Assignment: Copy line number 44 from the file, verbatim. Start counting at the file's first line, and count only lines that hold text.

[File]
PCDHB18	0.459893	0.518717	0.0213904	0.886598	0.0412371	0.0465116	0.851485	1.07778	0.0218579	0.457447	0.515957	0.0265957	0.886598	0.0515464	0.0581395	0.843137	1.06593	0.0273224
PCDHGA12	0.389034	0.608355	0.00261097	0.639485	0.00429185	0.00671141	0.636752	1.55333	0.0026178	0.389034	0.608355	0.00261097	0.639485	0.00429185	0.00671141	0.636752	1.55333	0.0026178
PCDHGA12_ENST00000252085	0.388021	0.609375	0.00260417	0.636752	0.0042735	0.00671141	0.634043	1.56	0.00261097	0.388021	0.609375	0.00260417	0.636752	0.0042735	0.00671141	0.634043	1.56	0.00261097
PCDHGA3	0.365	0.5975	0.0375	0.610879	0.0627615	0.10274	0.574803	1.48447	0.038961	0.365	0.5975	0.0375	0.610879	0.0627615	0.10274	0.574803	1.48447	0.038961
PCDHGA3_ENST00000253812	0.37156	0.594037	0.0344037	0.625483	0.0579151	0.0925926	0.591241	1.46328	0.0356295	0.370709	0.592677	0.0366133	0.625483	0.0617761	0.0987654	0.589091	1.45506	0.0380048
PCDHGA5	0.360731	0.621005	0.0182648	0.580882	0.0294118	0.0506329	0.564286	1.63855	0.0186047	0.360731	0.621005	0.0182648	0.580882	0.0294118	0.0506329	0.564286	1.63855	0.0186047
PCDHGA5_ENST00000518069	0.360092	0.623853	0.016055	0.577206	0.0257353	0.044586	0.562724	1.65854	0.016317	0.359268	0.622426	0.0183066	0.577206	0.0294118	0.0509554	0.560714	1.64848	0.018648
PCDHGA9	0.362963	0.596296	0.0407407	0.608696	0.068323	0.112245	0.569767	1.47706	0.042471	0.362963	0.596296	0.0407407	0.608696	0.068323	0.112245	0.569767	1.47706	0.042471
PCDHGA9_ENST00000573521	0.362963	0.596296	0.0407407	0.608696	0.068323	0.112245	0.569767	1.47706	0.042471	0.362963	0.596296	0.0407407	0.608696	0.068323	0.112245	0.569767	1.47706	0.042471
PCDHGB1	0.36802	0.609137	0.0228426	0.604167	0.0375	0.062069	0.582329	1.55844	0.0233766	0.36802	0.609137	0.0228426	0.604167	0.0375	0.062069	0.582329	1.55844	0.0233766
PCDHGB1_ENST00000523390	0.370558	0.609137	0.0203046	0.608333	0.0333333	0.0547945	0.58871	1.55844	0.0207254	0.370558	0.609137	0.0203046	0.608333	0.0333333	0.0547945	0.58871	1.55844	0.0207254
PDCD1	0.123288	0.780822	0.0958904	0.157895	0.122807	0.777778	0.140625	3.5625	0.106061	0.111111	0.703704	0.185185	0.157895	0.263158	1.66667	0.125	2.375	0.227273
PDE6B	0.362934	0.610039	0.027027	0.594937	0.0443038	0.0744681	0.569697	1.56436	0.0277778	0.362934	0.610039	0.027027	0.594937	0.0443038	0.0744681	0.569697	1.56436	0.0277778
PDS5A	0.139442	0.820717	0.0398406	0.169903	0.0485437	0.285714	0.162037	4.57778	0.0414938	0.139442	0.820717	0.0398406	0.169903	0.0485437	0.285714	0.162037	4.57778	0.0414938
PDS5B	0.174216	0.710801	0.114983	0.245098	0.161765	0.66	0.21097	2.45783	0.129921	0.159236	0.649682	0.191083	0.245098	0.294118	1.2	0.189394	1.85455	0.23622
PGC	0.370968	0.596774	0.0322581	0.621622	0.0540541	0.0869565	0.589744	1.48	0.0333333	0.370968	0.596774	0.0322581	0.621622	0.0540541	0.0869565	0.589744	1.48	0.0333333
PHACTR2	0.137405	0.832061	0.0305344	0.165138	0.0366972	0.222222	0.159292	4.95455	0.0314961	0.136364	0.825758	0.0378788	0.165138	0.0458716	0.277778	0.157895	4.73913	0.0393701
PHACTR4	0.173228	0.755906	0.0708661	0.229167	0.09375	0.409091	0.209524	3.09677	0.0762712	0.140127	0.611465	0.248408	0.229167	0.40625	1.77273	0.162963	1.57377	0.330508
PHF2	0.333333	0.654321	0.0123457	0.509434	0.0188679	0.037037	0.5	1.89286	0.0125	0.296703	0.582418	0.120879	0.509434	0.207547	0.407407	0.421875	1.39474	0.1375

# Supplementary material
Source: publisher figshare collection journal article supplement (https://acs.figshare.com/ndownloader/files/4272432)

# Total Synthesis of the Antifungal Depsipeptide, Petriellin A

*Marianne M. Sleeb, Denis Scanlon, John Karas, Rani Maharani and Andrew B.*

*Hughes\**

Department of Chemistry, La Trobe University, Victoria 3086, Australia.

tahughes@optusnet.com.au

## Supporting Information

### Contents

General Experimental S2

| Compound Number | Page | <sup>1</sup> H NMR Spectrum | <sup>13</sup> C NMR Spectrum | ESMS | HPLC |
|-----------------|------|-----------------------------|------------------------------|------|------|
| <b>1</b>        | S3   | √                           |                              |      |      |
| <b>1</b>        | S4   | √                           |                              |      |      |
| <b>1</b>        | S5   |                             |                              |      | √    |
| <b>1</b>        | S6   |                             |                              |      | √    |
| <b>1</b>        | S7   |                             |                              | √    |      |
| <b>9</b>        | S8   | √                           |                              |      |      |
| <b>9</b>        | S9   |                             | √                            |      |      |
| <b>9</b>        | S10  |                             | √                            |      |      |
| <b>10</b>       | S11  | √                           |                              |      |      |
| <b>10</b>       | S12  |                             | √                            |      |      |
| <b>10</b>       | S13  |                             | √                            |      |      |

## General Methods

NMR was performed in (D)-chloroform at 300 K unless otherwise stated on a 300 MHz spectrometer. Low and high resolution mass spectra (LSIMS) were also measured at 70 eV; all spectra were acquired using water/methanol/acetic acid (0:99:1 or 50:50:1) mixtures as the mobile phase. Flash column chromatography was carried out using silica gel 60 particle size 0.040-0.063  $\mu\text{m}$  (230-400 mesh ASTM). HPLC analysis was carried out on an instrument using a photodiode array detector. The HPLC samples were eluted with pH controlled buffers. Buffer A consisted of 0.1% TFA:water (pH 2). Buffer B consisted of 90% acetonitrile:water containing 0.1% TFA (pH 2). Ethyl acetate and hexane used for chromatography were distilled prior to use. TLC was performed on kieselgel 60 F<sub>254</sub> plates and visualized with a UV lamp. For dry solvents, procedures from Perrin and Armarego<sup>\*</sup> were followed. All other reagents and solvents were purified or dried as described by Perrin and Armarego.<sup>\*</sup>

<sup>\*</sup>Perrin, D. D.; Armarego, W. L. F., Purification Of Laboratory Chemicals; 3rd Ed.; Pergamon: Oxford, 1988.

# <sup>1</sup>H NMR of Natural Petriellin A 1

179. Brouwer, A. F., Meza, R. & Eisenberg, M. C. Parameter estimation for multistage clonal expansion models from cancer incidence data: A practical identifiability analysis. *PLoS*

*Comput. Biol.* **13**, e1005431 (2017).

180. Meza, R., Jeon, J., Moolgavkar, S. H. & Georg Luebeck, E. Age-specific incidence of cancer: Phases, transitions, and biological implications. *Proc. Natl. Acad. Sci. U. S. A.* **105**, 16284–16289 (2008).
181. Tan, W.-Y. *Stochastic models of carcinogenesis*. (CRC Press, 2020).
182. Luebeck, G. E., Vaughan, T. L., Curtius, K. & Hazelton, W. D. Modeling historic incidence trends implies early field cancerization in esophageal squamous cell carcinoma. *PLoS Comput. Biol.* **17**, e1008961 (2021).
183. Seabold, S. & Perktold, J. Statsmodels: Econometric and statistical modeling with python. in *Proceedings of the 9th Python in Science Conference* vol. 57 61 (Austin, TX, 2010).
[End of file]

NMR was performed in (D)-chloroform at 300 K unless otherwise stated on a 300 MHz spectrometer. Low and high resolution mass spectra (LSIMS) were also measured at 70 eV; all spectra were acquired using water/methanol/acetic acid (0:99:1 or 50:50:1) mixtures as the mobile phase. Flash column chromatography was carried out using silica gel 60 particle size 0.040-0.063  $\mu\text{m}$  (230-400 mesh ASTM). HPLC analysis was carried out on an instrument using a photodiode array detector. The HPLC samples were eluted with pH controlled buffers. Buffer A consisted of 0.1% TFA:water (pH 2). Buffer B consisted of 90% acetonitrile:water containing 0.1% TFA (pH 2). Ethyl acetate and hexane used for chromatography were distilled prior to use. TLC was performed on kieselgel 60 F<sub>254</sub> plates and visualized with a UV lamp. For dry solvents, procedures from Perrin and Armarego<sup>\*</sup> were followed. All other reagents and solvents were purified or dried as described by Perrin and Armarego.<sup>\*</sup>